Past event

# CIRCA seminar: Peter Cameron and Richard Connor

Peter Cameron (School of Mathematics and Statistics) and Richard Connor (School of Computer Science) will speak at this CIRCA seminar, presenting on ‘When is the commuting graph split or threshold?' and ‘Similarity search by graph navigation: some high-dimensional problems' respectively.

Abstract for Peter's ‘When is the commuting graph split or threshold?': The commuting graph of a group (or semigroup) G has vertex set G, two vertices joined if they commute. It was introduced by Brauer and Fowler in 1955, in their seminal work on involution centralisers in simple groups. Split graphs and threshold graphs are two subgraph-closed graph families arising in operations research. A graph is split if the vertex set is the union of a complete graph and a null graph (with maybe some edges between); it is threshold if there are vertex weights and two vertices are joined if the sum of their weights exceeds a threshold.

Peter hopes to present the complete proof of the classification of groups whose commuting graph is split or threshold: they are either abelian, or generalised dihedral of twice odd order.

Abstract for Richard's ‘Similarity search by graph navigation: some high-dimensional problems': Similarity search is a simple concept: to (efficiently) find, from within a (very) large collection, those objects which are most similar to a query object presented from the same domain. Even approximate search becomes linear-time when the data is ‘high dimensional', and linear time is no use to us. Unfortunately, ‘high' means something like more than 20 Euclidean dimensions, and our main current interest is in searching embeddings, which are high-dimensional vectors arising from convolutional neural networks (such as GPT.) Language model embeddings have thousands of dimensions.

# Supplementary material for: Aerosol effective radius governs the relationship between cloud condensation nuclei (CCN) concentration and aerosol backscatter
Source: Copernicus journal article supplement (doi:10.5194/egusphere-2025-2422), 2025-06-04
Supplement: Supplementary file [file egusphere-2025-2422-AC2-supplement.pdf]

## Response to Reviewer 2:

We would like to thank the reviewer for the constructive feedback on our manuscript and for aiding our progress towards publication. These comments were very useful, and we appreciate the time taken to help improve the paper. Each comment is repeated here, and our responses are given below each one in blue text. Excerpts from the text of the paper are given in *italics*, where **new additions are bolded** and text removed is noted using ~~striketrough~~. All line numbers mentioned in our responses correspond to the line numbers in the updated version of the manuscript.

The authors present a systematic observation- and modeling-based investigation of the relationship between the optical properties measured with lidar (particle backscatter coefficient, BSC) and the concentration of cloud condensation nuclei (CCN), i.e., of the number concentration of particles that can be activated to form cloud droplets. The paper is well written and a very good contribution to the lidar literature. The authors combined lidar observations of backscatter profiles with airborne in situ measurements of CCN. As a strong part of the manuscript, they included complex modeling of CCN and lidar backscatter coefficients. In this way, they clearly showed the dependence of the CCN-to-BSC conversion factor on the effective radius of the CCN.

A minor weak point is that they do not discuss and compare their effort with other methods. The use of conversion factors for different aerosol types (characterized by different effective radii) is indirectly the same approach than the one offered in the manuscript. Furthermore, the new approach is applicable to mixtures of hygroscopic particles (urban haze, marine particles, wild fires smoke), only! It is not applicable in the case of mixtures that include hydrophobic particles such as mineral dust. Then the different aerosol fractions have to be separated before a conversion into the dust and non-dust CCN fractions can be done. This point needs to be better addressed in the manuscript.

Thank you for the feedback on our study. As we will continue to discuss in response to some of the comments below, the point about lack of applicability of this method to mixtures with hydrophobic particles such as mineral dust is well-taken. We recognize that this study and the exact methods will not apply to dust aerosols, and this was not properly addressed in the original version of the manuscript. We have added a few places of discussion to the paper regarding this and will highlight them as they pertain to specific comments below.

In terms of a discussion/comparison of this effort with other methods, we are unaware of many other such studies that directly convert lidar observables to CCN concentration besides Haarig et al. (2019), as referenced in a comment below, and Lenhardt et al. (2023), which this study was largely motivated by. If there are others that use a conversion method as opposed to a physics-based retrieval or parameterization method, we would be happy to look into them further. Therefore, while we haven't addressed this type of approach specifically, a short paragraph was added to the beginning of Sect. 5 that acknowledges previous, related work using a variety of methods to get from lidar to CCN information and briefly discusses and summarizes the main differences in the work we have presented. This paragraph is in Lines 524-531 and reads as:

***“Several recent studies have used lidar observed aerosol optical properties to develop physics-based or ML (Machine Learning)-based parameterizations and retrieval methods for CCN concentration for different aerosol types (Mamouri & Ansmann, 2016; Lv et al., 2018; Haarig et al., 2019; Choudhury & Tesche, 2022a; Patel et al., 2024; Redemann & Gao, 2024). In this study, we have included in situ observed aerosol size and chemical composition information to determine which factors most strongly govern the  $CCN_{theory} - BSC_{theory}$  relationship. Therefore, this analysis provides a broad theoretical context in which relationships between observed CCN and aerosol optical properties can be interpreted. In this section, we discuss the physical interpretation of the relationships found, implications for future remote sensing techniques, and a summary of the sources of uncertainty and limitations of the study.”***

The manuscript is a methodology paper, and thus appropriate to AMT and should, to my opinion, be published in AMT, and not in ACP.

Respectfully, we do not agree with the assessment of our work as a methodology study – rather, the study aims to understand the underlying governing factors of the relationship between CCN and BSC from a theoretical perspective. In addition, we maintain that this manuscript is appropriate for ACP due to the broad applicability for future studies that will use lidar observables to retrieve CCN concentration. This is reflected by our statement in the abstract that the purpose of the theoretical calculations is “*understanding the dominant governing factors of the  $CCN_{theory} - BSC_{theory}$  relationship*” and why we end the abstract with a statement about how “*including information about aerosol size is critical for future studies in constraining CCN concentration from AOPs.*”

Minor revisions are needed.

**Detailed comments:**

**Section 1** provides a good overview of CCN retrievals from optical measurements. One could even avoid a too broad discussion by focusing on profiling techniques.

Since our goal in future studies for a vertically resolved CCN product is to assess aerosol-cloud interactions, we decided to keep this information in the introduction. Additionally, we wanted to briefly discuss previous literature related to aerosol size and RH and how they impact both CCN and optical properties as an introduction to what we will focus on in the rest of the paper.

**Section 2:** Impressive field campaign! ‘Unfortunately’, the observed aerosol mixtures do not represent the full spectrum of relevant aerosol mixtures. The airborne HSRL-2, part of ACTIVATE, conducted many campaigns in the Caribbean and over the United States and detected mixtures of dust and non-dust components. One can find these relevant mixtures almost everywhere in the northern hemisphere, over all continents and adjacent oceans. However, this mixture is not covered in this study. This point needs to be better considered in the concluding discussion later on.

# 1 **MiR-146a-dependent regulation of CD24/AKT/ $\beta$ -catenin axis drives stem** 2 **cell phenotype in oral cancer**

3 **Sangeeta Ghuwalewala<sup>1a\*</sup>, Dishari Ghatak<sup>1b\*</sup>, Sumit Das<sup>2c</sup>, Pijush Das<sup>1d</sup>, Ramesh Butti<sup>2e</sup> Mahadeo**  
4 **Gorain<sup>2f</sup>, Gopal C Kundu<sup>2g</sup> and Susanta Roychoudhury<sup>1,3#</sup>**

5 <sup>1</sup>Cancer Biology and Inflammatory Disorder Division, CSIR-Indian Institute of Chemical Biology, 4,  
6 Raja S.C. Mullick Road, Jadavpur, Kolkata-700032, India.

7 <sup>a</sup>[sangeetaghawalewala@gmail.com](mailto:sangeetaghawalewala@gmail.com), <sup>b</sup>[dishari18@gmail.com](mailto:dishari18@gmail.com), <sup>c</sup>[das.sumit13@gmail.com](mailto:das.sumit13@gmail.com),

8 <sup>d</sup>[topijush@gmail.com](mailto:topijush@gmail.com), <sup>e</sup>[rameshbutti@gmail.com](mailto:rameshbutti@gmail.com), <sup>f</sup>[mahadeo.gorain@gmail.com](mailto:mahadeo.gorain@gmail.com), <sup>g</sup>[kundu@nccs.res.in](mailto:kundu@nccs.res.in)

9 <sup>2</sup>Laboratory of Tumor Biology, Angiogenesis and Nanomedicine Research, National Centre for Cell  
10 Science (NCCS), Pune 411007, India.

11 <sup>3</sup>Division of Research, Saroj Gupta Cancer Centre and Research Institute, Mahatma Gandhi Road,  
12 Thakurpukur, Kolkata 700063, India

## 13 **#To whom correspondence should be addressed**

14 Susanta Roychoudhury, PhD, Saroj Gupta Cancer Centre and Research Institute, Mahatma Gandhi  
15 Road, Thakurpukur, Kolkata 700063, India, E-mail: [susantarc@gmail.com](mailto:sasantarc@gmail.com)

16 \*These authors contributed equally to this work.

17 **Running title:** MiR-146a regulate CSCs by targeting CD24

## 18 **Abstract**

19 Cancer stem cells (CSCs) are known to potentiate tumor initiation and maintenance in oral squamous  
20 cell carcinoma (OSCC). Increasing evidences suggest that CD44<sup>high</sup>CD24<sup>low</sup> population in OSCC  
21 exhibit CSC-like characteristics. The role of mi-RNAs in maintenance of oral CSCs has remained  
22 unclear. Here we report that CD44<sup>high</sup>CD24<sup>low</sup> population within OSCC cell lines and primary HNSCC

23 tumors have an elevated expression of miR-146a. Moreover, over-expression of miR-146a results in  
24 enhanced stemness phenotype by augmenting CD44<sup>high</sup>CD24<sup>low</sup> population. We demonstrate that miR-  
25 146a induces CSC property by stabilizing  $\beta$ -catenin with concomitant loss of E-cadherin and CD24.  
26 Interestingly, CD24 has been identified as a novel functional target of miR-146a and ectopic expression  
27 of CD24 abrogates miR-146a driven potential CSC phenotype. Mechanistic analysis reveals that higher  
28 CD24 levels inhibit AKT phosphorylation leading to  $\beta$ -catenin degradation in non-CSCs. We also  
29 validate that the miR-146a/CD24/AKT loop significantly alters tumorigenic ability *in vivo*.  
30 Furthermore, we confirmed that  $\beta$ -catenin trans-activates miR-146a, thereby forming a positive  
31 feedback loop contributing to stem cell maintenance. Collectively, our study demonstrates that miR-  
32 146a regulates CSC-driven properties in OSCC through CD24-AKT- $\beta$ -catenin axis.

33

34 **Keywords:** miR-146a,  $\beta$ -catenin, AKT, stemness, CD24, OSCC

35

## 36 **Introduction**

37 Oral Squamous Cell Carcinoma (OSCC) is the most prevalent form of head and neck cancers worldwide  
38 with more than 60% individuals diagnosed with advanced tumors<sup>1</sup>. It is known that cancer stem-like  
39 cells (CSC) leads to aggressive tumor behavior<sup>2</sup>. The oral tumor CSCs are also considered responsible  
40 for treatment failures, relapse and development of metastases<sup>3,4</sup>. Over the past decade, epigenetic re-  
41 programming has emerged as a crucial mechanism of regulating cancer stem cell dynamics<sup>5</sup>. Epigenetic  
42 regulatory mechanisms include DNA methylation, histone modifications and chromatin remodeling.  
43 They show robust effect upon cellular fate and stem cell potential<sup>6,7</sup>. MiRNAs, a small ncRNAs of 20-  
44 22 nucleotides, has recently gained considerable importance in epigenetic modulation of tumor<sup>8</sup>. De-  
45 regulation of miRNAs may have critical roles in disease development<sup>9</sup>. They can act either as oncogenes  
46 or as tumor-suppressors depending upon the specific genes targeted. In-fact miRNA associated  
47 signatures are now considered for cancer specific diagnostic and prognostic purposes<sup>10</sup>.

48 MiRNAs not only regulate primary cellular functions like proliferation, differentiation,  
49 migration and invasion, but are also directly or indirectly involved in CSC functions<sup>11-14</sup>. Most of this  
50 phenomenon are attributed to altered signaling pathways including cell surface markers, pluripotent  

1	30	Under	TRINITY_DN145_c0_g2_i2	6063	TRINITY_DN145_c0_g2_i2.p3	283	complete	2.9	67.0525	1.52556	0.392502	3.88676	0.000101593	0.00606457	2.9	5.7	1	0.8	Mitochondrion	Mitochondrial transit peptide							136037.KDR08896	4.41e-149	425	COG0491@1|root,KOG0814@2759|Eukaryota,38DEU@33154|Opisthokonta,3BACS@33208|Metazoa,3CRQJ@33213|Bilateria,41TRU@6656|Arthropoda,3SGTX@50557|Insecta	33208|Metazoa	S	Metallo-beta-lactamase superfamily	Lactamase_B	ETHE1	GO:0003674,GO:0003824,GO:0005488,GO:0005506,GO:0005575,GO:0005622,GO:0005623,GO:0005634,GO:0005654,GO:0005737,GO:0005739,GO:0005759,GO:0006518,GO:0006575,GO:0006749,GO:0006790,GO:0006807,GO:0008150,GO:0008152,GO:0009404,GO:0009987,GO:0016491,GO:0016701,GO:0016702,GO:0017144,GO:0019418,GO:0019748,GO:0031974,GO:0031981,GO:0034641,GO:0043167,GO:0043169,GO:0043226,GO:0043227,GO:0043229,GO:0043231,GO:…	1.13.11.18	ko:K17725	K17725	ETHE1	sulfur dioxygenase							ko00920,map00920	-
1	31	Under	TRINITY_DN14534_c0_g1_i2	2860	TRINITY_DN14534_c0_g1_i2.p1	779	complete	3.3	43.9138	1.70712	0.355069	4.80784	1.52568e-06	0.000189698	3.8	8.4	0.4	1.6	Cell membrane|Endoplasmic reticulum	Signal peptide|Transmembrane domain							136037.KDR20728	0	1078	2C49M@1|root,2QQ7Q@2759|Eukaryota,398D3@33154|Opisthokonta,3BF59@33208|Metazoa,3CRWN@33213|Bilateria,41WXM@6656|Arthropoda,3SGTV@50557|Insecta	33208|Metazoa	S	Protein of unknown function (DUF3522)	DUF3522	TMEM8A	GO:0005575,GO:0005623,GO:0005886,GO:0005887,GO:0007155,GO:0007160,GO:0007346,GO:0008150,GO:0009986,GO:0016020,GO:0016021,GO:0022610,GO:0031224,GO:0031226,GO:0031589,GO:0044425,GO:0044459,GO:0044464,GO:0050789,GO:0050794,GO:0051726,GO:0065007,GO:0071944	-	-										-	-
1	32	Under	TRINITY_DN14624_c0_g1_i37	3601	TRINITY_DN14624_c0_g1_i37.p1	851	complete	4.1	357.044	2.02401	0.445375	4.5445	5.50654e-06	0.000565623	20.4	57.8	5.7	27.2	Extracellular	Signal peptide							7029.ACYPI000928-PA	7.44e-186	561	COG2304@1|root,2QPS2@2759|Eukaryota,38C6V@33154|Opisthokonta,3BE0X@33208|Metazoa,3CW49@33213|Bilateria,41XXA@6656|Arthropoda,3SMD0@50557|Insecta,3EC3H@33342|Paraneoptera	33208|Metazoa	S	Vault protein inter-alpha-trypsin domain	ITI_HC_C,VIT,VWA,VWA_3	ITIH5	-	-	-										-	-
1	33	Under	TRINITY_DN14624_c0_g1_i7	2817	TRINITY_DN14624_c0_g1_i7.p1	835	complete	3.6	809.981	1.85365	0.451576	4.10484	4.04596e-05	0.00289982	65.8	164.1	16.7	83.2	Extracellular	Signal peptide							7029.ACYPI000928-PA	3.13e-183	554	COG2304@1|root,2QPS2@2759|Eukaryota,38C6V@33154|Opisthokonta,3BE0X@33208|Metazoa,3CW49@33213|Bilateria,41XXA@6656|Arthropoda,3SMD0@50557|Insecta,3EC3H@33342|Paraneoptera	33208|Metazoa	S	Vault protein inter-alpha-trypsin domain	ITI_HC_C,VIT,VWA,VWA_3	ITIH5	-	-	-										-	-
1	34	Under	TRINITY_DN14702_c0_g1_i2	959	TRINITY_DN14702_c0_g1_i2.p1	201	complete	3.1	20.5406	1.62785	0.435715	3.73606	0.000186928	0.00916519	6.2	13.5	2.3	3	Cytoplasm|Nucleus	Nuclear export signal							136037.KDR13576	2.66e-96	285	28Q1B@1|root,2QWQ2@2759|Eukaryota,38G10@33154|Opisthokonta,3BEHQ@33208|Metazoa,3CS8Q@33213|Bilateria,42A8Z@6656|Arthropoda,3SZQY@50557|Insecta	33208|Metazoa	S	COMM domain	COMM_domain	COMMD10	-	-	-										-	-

Some interesting recent systems have emerged which use novel graph navigation techniques. Simply, each element of the collection is represented as a graph node, and nodes are connected according to some relation. Search strategy is something like: start at a random node and navigate the graph, at each step moving closer to the query, which should thus be reached in a logarithmic number of steps. The current ‘state-of-the-art' is hnswlib (Hierarchical Navigable Small-World), which claims to work independently of dimensionality.

In this talk, Richard will examine the essential concepts presented by the authors, and some unfortunate properties of high-dimensional spaces which spoil the low-dimensional intuitions of graph navigation.

All welcome.